3. 1:6 And again, when he leads: the Greek could also be translated “And when he again leads” in reference to the parousia.
  4. 1:8–12 O God: the application of the name “God” to the Son derives from the preexistence mentioned in Hb 1:2–3; the psalmist had already used it of the Hebrew king in the court style of the original. See note on Ps 45:7. It is also important for the author’s christology that in Hb 1:10–12 an Old Testament passage addressed to God is redirected to Jesus.
New American Bible (Revised Edition) (NABRE)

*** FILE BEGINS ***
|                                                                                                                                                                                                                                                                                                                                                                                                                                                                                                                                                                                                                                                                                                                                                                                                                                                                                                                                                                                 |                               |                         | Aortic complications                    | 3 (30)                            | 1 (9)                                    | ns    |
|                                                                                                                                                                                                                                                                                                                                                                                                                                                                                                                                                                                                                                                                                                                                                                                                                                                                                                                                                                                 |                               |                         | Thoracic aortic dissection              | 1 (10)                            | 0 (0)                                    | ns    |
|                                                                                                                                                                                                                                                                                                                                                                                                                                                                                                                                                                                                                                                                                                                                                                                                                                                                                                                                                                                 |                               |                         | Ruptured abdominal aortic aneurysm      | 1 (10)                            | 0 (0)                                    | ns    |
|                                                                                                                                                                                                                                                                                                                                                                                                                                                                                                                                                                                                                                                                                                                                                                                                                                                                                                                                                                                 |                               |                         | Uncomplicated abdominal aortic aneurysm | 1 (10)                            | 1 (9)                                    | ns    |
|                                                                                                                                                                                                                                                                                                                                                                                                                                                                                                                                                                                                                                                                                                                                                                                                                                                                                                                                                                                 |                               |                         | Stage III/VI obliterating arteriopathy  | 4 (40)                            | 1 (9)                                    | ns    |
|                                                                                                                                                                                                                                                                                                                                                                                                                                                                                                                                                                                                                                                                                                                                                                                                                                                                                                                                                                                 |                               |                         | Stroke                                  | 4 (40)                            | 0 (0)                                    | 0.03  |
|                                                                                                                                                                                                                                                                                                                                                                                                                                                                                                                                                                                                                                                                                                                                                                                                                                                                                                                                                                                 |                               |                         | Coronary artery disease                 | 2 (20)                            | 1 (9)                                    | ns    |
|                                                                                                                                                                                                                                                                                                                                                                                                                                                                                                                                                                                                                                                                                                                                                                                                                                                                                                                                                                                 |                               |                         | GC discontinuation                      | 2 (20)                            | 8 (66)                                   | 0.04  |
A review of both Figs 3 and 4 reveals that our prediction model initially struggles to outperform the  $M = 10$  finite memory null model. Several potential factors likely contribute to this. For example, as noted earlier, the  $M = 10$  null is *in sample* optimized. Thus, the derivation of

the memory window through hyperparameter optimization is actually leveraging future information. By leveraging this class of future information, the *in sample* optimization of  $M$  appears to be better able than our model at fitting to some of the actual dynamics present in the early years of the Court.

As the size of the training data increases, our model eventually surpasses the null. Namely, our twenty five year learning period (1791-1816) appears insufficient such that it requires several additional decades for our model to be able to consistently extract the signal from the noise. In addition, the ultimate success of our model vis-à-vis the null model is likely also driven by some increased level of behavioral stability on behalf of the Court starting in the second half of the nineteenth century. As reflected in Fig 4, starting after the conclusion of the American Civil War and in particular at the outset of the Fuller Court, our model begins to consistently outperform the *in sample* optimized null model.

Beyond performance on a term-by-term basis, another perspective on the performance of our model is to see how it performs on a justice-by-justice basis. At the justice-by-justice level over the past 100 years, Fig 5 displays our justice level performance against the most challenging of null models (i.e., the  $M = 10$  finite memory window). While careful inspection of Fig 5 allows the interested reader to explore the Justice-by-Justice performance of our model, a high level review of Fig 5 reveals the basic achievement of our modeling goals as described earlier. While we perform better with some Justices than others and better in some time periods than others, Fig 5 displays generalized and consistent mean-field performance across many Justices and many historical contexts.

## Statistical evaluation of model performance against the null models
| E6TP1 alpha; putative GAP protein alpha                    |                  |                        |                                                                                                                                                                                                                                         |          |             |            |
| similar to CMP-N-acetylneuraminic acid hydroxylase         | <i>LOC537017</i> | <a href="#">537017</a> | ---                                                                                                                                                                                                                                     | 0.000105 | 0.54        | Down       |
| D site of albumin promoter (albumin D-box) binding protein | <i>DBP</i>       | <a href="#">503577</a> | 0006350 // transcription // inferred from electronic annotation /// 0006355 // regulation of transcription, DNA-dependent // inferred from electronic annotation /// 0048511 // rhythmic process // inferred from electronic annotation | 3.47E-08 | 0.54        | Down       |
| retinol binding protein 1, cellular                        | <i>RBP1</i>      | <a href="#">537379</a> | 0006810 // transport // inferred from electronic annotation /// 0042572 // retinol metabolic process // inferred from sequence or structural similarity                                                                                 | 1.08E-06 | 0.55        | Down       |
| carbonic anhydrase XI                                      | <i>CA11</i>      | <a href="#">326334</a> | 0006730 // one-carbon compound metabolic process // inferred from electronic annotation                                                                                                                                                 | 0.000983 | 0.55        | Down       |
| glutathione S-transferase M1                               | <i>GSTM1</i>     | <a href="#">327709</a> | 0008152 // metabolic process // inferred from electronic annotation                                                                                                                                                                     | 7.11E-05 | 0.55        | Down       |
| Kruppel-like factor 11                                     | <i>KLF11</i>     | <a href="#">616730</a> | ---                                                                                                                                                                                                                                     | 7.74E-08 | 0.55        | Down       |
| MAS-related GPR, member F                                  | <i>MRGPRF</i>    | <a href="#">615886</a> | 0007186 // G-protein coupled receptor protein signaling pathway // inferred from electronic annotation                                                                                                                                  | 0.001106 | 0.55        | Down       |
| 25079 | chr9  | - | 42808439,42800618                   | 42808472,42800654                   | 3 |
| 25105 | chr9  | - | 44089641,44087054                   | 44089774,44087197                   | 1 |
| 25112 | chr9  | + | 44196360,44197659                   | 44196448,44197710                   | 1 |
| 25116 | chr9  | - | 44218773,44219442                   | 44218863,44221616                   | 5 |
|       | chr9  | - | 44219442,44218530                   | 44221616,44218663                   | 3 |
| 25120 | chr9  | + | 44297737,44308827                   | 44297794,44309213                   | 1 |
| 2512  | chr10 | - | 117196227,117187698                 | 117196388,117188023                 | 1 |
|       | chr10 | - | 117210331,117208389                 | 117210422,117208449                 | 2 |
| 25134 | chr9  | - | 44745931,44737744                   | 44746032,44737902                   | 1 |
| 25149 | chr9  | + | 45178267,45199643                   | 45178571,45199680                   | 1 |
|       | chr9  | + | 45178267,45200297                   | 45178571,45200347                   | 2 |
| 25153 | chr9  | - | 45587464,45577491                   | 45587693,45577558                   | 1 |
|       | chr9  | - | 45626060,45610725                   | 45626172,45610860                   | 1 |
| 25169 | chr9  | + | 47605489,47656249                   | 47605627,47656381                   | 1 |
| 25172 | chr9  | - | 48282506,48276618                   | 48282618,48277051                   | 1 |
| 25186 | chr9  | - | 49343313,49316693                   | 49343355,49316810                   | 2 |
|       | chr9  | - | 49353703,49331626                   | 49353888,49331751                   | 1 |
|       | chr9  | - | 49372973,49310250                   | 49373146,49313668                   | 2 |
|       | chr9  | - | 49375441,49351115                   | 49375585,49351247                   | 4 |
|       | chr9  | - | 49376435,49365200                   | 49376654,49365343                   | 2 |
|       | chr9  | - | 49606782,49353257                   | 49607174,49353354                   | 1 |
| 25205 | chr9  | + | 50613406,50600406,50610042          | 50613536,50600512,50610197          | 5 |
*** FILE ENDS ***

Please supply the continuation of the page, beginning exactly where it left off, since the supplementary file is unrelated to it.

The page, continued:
Scripture texts, prefaces, introductions, footnotes and cross references used in this work are taken from the New American Bible, revised edition © 2010, 1991, 1986, 1970 Confraternity of Christian Doctrine, Inc., Washington, DC All Rights Reserved. No part of this work may be reproduced or transmitted in any form or by any means, electronic or mechanical, including photocopying, recording, or by any information storage and retrieval system, without permission in writing from the copyright owner.